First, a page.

Drug trials have also been stymied because ghrelin has wide-reaching effects on other aspects of health besides eating behavior. Some of the known activities of ghrelin include:https://www.ncbi.nlm.nih.gov/pmc/articles/4443295/‘>8 https://pubmed.ncbi.nlm.nih.gov/21785007/‘>10
In other words, suppressing ghrelin could be very costly indeed. You can focus on metabolic flexibility instead. More on that later.
Leptin: the Satiety Hormone
Leptin’s main job is to signal to the brain when you have sufficient energy available. It is produced by adipose (body fat) cells. More body fat means more circulating leptin. Leptin is also released after you eat. Carbohydrate intake prompts a particularly strong leptin response, protein less so, and fat probably only minimally.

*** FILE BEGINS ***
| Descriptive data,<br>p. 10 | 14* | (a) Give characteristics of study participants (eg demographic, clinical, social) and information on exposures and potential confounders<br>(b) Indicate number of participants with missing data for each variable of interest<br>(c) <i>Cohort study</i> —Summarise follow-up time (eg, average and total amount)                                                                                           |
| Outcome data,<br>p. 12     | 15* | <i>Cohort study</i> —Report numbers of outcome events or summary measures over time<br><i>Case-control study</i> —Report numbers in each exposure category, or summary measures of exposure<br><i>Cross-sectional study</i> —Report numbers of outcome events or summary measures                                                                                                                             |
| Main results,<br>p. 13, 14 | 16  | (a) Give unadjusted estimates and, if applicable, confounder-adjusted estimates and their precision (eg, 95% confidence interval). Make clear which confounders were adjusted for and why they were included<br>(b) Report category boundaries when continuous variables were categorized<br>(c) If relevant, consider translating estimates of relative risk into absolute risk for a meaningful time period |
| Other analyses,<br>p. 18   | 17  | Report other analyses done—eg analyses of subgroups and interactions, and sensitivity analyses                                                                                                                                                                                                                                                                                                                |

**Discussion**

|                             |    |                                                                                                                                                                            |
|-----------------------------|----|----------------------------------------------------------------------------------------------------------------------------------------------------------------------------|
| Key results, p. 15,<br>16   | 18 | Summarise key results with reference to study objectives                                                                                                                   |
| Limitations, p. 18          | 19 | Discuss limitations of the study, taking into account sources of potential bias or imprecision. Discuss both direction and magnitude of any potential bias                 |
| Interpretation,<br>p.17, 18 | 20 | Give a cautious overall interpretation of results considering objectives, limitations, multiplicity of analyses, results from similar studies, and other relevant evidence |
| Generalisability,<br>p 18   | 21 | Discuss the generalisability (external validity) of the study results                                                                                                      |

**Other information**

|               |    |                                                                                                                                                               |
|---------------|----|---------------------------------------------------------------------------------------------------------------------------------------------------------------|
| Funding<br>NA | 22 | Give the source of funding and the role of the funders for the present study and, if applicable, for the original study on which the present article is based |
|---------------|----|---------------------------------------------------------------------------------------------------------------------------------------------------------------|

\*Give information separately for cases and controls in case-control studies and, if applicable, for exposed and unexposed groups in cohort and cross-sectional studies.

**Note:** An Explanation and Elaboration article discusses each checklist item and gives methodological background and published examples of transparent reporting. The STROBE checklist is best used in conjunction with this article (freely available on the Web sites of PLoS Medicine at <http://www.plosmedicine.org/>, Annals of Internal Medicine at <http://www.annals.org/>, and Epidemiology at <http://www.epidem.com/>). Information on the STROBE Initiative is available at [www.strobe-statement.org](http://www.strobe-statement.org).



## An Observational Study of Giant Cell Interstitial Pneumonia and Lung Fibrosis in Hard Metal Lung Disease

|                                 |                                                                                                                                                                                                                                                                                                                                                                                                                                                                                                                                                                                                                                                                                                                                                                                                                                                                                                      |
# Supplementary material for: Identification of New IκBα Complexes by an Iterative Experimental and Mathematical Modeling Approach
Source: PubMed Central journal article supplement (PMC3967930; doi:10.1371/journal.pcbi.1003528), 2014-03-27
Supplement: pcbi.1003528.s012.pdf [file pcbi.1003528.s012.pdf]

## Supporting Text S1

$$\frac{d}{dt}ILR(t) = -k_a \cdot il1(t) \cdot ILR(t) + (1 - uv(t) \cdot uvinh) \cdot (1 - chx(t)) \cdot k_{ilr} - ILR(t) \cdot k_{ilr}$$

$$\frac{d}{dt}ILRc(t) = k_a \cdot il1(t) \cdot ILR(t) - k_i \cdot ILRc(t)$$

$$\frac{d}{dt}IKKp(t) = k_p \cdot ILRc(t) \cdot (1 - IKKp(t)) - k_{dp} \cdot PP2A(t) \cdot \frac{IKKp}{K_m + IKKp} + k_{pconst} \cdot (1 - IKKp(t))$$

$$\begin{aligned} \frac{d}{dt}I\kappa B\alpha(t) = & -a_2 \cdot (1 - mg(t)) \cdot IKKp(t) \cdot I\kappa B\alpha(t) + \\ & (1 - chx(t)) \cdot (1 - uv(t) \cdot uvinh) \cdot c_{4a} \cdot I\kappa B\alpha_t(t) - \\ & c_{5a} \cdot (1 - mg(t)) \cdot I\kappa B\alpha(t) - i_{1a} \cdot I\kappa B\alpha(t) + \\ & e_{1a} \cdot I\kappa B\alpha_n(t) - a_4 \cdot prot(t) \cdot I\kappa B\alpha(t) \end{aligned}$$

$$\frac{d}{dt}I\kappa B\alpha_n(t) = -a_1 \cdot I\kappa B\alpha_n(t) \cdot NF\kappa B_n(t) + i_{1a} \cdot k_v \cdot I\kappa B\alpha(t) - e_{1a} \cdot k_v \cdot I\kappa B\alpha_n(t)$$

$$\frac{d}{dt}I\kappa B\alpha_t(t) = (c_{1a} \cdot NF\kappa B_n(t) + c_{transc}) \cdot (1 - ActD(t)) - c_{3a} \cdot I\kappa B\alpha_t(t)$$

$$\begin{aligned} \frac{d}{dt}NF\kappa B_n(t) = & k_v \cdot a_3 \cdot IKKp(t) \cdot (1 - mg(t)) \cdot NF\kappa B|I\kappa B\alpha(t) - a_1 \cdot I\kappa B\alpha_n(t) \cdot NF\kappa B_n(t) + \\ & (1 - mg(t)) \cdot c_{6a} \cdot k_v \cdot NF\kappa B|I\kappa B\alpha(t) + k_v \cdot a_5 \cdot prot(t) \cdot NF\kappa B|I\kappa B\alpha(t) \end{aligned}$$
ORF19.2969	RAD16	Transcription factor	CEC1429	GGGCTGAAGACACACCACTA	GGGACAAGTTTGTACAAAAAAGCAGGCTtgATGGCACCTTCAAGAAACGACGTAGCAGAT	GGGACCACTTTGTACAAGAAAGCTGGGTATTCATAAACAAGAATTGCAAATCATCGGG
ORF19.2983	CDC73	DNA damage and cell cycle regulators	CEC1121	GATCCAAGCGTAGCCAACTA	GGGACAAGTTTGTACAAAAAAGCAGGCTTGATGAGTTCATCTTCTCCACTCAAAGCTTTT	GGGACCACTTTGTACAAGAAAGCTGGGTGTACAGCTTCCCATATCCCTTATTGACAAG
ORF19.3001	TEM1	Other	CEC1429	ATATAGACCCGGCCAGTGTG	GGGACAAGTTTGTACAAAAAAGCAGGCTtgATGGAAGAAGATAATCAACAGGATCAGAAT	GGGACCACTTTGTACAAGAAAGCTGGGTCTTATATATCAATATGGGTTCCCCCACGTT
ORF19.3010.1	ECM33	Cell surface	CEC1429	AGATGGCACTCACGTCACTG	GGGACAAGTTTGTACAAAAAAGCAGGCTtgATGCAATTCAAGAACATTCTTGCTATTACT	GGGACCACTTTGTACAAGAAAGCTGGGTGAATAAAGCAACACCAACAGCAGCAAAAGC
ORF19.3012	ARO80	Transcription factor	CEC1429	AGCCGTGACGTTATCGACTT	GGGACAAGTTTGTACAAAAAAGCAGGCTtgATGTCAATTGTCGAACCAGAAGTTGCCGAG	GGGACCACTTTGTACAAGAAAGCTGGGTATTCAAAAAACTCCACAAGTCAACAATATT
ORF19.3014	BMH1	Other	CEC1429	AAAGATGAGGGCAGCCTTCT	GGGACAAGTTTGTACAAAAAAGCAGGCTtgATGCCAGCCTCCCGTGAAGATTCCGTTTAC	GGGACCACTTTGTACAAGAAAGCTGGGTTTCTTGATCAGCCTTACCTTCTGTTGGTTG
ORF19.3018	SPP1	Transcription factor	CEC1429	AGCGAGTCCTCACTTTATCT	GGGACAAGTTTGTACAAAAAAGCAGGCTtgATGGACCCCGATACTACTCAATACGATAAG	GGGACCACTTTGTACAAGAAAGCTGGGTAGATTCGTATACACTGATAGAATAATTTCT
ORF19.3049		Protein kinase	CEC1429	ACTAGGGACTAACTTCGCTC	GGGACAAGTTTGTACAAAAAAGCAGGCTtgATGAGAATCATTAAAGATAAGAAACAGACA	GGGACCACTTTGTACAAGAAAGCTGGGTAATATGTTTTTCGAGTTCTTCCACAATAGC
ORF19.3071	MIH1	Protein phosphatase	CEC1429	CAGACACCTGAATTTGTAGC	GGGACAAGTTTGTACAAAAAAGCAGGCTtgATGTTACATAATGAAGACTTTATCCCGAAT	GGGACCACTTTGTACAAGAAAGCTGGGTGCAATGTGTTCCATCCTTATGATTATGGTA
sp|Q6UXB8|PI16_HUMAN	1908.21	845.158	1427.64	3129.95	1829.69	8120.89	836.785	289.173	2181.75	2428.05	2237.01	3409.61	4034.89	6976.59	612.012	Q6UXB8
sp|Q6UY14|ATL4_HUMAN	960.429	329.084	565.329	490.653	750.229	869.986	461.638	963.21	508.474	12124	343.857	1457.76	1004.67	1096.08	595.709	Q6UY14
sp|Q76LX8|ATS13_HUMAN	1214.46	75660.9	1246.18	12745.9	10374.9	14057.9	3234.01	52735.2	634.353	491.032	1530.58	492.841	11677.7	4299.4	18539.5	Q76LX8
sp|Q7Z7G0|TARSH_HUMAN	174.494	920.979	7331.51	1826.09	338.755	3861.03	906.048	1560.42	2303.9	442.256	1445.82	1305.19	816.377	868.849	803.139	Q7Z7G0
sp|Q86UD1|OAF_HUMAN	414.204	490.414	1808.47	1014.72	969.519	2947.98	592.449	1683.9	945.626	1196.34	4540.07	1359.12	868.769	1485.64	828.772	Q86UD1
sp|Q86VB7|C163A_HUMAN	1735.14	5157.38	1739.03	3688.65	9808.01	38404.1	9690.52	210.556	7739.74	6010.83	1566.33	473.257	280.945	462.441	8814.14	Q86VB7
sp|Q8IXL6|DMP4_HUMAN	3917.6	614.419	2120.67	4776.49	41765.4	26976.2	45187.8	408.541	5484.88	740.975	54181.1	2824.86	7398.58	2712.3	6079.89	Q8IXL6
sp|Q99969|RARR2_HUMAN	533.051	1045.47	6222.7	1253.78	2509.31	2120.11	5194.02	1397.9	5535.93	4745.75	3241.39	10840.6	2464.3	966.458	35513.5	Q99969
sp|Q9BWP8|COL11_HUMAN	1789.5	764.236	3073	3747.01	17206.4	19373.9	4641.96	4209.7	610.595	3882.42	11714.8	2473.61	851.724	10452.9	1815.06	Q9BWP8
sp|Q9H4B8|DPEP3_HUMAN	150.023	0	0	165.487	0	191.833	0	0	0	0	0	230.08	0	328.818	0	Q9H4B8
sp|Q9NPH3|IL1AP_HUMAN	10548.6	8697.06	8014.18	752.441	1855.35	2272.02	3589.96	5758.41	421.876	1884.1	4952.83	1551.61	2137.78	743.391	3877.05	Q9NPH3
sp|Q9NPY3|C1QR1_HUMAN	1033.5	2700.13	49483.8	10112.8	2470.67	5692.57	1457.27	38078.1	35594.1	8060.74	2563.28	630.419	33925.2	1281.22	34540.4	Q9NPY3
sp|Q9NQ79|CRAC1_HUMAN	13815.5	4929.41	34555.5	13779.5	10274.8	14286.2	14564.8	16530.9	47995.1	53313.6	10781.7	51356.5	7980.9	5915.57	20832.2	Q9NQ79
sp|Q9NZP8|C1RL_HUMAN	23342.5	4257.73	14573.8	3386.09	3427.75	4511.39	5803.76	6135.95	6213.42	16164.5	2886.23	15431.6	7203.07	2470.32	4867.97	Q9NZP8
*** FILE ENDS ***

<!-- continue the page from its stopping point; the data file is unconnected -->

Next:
Sometime leptin is characterized as ghrelin’s counterbalance. Whereas ghrelin is “the hunger hormone,” leptin is “the satiety hormone” (although in truth there are many, as you’ll see). If ghrelin tells the brain GO, leptin tells the brain STOP. I think that characterization isn’t exactly correct, though.
It seems to me that both leptin and ghrelin prevent negative energy balance. If you think about it, for most of human history, energy shortage—which, in the extreme, means starvation and death—was a much bigger problem than energy abundance. Consuming too much food is a thoroughly modern problem. We should be more strongly attuned to shortages.